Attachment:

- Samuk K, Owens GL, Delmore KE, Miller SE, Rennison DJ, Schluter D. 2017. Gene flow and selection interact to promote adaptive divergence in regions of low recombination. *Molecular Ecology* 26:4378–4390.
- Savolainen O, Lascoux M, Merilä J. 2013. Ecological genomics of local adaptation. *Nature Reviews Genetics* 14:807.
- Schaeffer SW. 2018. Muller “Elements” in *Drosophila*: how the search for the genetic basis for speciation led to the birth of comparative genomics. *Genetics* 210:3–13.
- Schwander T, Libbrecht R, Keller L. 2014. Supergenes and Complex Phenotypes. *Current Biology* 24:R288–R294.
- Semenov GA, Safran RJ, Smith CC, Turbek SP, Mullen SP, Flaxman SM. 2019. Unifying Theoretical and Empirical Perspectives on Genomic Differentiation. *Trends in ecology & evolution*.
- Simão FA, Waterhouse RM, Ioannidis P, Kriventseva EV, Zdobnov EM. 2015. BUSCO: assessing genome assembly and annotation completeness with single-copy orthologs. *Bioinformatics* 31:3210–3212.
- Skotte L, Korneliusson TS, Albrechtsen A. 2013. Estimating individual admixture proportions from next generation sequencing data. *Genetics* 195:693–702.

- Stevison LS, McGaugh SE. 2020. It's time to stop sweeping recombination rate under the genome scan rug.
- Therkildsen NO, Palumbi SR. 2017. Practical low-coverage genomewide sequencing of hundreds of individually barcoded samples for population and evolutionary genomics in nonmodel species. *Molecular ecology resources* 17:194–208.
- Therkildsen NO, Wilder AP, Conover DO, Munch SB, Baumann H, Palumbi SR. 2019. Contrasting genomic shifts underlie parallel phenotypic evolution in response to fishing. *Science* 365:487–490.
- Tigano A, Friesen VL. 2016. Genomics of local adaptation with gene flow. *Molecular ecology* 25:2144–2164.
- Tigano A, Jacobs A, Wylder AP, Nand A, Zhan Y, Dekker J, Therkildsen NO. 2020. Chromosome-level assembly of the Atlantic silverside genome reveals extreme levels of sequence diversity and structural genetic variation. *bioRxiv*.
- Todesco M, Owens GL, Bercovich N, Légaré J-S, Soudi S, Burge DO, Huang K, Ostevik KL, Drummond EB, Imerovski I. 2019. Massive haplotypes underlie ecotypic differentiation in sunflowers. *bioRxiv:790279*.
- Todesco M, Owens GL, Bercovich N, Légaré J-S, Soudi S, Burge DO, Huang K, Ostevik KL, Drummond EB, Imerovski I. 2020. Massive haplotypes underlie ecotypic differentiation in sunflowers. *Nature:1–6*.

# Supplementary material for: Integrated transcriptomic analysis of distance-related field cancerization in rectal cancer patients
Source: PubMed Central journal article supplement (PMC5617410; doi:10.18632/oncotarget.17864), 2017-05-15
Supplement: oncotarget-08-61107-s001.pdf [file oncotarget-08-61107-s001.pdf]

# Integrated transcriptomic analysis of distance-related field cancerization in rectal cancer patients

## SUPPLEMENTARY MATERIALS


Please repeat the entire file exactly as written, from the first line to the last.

- Samuk K, Owens GL, Delmore KE, Miller SE, Rennison DJ, Schluter D. 2017. Gene flow and selection interact to promote adaptive divergence in regions of low recombination. *Molecular Ecology* 26:4378–4390.
- Savolainen O, Lascoux M, Merilä J. 2013. Ecological genomics of local adaptation. *Nature Reviews Genetics* 14:807.
- Schaeffer SW. 2018. Muller “Elements” in *Drosophila*: how the search for the genetic basis for speciation led to the birth of comparative genomics. *Genetics* 210:3–13.
- Schwander T, Libbrecht R, Keller L. 2014. Supergenes and Complex Phenotypes. *Current Biology* 24:R288–R294.
- Semenov GA, Safran RJ, Smith CC, Turbek SP, Mullen SP, Flaxman SM. 2019. Unifying Theoretical and Empirical Perspectives on Genomic Differentiation. *Trends in ecology & evolution*.
- Simão FA, Waterhouse RM, Ioannidis P, Kriventseva EV, Zdobnov EM. 2015. BUSCO: assessing genome assembly and annotation completeness with single-copy orthologs. *Bioinformatics* 31:3210–3212.
- Skotte L, Korneliusson TS, Albrechtsen A. 2013. Estimating individual admixture proportions from next generation sequencing data. *Genetics* 195:693–702.

- Stevison LS, McGaugh SE. 2020. It's time to stop sweeping recombination rate under the genome scan rug.
- Therkildsen NO, Palumbi SR. 2017. Practical low-coverage genomewide sequencing of hundreds of individually barcoded samples for population and evolutionary genomics in nonmodel species. *Molecular ecology resources* 17:194–208.
- Therkildsen NO, Wilder AP, Conover DO, Munch SB, Baumann H, Palumbi SR. 2019. Contrasting genomic shifts underlie parallel phenotypic evolution in response to fishing. *Science* 365:487–490.
- Tigano A, Friesen VL. 2016. Genomics of local adaptation with gene flow. *Molecular ecology* 25:2144–2164.
- Tigano A, Jacobs A, Wylder AP, Nand A, Zhan Y, Dekker J, Therkildsen NO. 2020. Chromosome-level assembly of the Atlantic silverside genome reveals extreme levels of sequence diversity and structural genetic variation. *bioRxiv*.
- Todesco M, Owens GL, Bercovich N, Légaré J-S, Soudi S, Burge DO, Huang K, Ostevik KL, Drummond EB, Imerovski I. 2019. Massive haplotypes underlie ecotypic differentiation in sunflowers. *bioRxiv:790279*.
- Todesco M, Owens GL, Bercovich N, Légaré J-S, Soudi S, Burge DO, Huang K, Ostevik KL, Drummond EB, Imerovski I. 2020. Massive haplotypes underlie ecotypic differentiation in sunflowers. *Nature:1–6*.

# Supplementary material for: Integrated transcriptomic analysis of distance-related field cancerization in rectal cancer patients
Source: PubMed Central journal article supplement (PMC5617410; doi:10.18632/oncotarget.17864), 2017-05-15
Supplement: oncotarget-08-61107-s001.pdf [file oncotarget-08-61107-s001.pdf]

# Integrated transcriptomic analysis of distance-related field cancerization in rectal cancer patients

## SUPPLEMENTARY MATERIALS